Image: St Winefride's Well - the "Holy Head" mentioned by the Gawain-poet
One of the bewitching elements of the masterpiece which is Sir Gawain and the Green Knight is that its mediaeval writer is completely unknown. Yet, occasionally, the poet gives intriguing insights into who he was and where he lived – none more so than his descriptions of the landscape in which the poem is set; in particular his fascinating description of North Wales. Does this shed a light on who he was?
We know from the dialect of the poem – that of the north west midlands – that the poet was neither from the far north of Britain and nor was he from the south. Yet there can be little doubt that he was an English writer and most likely from the North West; in particular because of his descriptions of the landscape of the poem which encompass North Wales and what is believed to be the Staffordshire Roaches.
The jouney across North Wales...
His description of the journey through North Wales in Fitt 2 is wonderful in its evocation of the salient landmarks of the coast which anyone who has travelled the coat road will fully understand. As the Gawain- poet relates:
Oft leudlez alone he longez on nytez
Ther he fonde nozt hym byfore the fare that he liked;
Had he no fere bot his fole bi frythez and dounez,
Ne no gome bot God bi gate wyth to karp –
Til that he nezed ful neghe into the Northe Walez.
Alle the iles of Anglesay on lyft half he haldez
And farez over the fordez by the forlondez;
Over at the Holy Hede, til he had eft bonk
In the wyldrenesse of Wyrale. Wonder ther bot lyte
That auther God other gome wyth goud hert lovied.
This translates as:
Often friendless, alone, long nights he endures
Where he found nought before him of the fare that he liked.
He had no friend but his horse through forest and field,
Nor no guide as he goes to speak with but God,
Till he neared full nigh into North Wales.
All the isles of Anglesey on his left he beholds,
And he fares over fords between foreshore and foothill,
Crossing at the Holy Head till he found land again
In the wilderness of Wirral; few there did live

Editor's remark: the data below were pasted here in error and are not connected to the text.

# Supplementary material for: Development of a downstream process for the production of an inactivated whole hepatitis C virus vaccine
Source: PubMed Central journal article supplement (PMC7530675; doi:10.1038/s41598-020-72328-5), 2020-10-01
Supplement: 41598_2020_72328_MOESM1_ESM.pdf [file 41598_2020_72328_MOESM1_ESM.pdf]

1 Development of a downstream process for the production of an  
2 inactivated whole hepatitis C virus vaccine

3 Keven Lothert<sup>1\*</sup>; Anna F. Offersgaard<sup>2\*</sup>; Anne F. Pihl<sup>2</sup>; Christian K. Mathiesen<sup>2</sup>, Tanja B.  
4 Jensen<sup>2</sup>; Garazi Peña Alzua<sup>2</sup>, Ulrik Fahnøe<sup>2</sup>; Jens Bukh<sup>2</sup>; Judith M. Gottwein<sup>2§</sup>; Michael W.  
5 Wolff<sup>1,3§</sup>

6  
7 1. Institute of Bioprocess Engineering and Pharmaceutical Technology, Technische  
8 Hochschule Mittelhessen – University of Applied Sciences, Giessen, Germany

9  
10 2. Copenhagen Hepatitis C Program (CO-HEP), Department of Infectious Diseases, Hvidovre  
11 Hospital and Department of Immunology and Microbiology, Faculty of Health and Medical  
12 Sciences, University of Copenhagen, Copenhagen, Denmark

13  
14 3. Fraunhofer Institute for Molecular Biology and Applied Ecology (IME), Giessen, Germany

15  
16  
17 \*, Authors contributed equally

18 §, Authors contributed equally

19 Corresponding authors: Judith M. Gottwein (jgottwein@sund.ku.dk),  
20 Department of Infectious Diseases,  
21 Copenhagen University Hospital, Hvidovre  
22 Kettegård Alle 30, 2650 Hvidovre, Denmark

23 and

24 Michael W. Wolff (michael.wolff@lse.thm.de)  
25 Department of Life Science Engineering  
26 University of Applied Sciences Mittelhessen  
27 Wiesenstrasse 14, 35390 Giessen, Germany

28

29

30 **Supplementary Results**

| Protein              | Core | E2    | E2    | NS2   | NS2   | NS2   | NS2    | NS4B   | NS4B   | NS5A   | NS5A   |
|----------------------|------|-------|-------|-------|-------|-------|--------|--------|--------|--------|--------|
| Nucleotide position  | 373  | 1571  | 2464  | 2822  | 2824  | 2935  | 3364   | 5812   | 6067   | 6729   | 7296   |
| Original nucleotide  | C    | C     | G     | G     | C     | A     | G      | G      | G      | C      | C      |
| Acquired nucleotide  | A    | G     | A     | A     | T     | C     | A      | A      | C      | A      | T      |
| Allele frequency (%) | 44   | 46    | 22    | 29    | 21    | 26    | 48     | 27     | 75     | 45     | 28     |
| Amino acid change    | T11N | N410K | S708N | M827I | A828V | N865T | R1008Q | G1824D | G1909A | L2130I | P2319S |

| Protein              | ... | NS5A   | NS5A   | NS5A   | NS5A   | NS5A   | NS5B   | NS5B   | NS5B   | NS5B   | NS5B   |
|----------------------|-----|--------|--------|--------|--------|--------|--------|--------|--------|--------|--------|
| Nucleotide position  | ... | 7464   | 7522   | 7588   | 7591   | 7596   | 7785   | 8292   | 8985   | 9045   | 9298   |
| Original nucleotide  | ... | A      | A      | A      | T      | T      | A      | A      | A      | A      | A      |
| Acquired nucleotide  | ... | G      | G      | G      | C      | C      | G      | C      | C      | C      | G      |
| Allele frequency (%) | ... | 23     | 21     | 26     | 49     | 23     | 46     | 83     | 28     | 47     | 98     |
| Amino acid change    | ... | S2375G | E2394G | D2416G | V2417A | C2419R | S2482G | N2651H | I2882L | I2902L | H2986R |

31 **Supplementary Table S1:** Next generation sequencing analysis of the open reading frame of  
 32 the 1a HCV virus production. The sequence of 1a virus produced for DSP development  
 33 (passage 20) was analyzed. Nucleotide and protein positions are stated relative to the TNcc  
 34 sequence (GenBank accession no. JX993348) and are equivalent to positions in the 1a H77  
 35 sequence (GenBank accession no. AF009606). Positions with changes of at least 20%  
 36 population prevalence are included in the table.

That loved with good heart either God or great men.
Image: the view of the "Isles of Anglesey" as described by the Gawain-poet
What a wonderful description! Anglesey in all its splendour; Gawain being forced (as an Englishman – or foreigner - no doubt) to take the low coastal road rather than risk the hills; the arrival at Holywell (the Holy – well - Head of the poem); the great tongue of land that is the Wirral. It is quite likely, therefore, that the poet knew this journey well and had indeed made it himself. His is a distinct and finessed geographical knowledge.
Into the Staffordshire Roaches
The links with the Staffordshire Roaches are less specific in terms of locations and yet the poet’s descriptions of the landscape of this region are evocative of its unique craggy silhouettes:
And thenne he wayted hym aboute, and wylde hit hym thozt,
And seze no syngne of resette bisydez nowhere,
Bot hyze bonkkes and brent upon bothe halve
And ruze knockled knarrez with knorned stonez;
The skwez the scowtes skayned hym thozt
Then he looked round about, he thought it most wild,
And sees no sign of residence nowhere beside,
But high banks all bleak upon both sides,
And rough-knuckled knolls of rocks and stone;
Those scouts scratched the sky, it seemed to him.
In the Roaches, the crags are indeed like knuckles which appear to scratch at the sky. More, of course, we have the Green Chapel itself which I have discussed in another update. If we are correct in linking this dark and mysterious place with Lud’s Church and Wetton Mill, then we can see that the poet not only had a broad knowledge of geography but also an intimate one too, for neither place is easy to find nor naturally on a journey from one place to the next.
Image: the distinctive "rough-knuckled" rocks of the Staffordshire Roaches
Given the intimate nature of the Gawain-poet’s knowledge, it is intriguing to think that he was someone who moved with mighty people, crossing significant areas of territory perhaps on official duties and residing in country estates where he might venture out. The similarity between his journey across North Wales with that of Richard II on his return from Ireland in 1399 in truly fascinating.
Yet the secrets revealed elsewhere in the poem, which I discuss in greater detail in my forthcoming book, also show a man who travelled not just in the North West but far and wide. The secret geography of Sir Gawain and the Green Knight is not necessarily what the poet tells us directly, although this is important. It is the indirect nature of some of his descriptions which paint a much more informative picture of who he was, and where he operated, as you'll read in the book.. Something more to look forward to when you receive your special pledger’s limited first edition!
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